Therefore, quantification/measurement of VL is no longer useful except in one indication, which is testing at week 2 to see whether VL is going down as a measure of checking patient compliance.
Otherwise it is not recommended to do HCV RNA viral load test to make treatment decisions. RNA will be used again at the end of treatment and 12 weeks later. If the VL is negative 12 weeks after the end of treatment, the patient has achieved SVR and is cured.
Another test is done six months after achieving SVR followed by another one after a year to make sure a relapse does not happen. After two years and another test you may inform the patient that he/she is cured.
Patients who turn positive in later stage are actually often re-infected and mostly belong to high risk groups.
In new era of DAAs the SVR rates can be as high as 90%; however there are patients who fail on treatment. Most of them relapse and there are few with virological breakthrough. Patients who relapse generally have a dominant resistant viral population at the time of relapse. The virus is different and it is resistant to drugs administered during therapy.
The important question here is, whether we should use resistance testing to make treatment decisions. To do this we have three different options:
(i) To use it as baseline test to look for resistant mutations and if present, help make appropriate decisions prior to starting treatment. We should not do this, as for the simple reason that many resistant strains can be defeated with new drugs. In the majority of cases i.e. more than 90% patients carrying resistant strains can be cured with new drugs, hence, paying for test is a waste of money.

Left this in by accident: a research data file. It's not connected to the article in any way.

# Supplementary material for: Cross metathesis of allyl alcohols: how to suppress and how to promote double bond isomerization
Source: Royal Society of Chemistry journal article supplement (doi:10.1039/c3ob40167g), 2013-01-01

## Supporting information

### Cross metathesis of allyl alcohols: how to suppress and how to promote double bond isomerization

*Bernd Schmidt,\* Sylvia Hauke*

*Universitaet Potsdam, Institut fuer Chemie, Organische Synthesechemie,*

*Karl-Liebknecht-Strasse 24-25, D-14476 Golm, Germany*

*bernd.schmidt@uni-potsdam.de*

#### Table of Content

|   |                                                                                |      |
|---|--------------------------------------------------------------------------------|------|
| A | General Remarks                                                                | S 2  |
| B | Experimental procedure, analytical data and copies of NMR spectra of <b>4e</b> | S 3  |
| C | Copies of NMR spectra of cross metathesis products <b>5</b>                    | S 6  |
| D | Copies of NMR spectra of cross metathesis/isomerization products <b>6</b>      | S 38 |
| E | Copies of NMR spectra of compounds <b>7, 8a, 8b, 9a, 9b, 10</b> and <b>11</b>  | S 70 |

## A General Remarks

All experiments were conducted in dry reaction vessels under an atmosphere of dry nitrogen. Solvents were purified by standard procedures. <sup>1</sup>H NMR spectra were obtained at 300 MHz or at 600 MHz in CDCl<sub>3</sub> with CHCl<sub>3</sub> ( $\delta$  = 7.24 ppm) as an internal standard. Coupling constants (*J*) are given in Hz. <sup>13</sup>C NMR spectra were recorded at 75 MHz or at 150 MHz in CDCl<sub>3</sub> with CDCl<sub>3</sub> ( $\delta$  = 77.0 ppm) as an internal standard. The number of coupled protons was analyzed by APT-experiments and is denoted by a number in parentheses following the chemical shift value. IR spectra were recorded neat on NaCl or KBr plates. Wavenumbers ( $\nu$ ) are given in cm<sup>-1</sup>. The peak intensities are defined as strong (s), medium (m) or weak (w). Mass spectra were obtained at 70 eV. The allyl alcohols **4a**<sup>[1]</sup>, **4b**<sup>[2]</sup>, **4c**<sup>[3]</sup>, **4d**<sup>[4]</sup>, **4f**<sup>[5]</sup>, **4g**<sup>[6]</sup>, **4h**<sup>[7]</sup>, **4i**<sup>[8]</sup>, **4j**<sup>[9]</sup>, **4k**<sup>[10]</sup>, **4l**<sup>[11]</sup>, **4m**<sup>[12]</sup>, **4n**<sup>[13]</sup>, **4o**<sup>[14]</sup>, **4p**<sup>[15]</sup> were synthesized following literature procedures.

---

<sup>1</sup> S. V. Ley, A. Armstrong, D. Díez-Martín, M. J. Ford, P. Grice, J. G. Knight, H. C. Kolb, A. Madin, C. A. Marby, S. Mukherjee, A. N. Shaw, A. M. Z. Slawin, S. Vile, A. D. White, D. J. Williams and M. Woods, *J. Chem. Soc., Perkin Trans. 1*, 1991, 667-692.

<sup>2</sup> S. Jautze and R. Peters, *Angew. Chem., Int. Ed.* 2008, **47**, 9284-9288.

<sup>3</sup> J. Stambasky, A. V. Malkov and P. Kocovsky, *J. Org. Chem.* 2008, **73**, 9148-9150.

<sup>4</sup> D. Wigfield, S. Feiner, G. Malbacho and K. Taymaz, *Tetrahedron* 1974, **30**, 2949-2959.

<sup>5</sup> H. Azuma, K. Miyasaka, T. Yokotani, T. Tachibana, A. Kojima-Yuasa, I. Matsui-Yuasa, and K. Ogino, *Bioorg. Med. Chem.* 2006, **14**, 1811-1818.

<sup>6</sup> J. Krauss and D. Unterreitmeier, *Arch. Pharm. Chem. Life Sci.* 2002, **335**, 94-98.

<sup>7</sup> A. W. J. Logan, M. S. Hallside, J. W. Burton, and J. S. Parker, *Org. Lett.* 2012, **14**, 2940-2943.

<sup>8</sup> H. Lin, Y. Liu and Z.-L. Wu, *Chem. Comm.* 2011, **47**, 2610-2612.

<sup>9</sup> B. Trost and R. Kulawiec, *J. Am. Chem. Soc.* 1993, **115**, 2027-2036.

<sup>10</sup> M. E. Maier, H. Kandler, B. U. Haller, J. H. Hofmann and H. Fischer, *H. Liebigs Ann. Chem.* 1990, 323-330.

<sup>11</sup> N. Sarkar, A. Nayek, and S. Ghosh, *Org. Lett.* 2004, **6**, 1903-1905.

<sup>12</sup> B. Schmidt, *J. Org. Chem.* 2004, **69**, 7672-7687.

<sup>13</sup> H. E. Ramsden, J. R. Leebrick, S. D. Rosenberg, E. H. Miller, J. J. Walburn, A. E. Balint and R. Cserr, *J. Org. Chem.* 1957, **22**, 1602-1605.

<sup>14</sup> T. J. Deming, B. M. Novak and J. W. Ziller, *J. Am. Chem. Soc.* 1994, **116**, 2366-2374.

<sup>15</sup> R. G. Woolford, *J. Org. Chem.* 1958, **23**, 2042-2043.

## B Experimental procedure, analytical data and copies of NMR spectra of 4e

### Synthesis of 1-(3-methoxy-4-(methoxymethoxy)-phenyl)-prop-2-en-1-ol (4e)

(ii) Do resistance testing at the time of treatment failure? Again, the answer is no as it’s known that the drug resistant population has been enriched. It does not give us any additional vital information for decision making as it’s already late, as the treatment has failed and there is nothing we can do or achieve by doing resistance testing.
(iii) Do resistance testing at the time of retreatment after failure. We know that viruses which are resistant to protease inhibitors and to non-nucleoside inhibitors disappear progressively within a year or so after treatment. This is not the case for NS5A resistant viruses. At present it is not clear as to what is the influence of these persistent resistant viruses and whether and when to make a decision for retreatment.
In my opinion, we could take benefit of resistance testing at the time of retreatment if the patient fails on DAA regime but the problem is that at the moment we do not know how to use this information so further studies are needed.
We need these resistance based retreatment studies to make more informed treatment decisions. There is however, still a position to do some resistance testing especially when re-treating patients who have been exposed to DAAs and when the treatment has failed.
It is possible to reduce the absolute number of test for HCV. In developing countries, where they have access to drugs at more affordable prices (subject to compliance), they only need to do a viral load measurement at baseline and even this can be replaced with HCV core antigen testing as it is a surrogate test for micro-active replication. This is completed with one more test 12 weeks after the end of treatment. This can be modulated onsite in line with the resources available.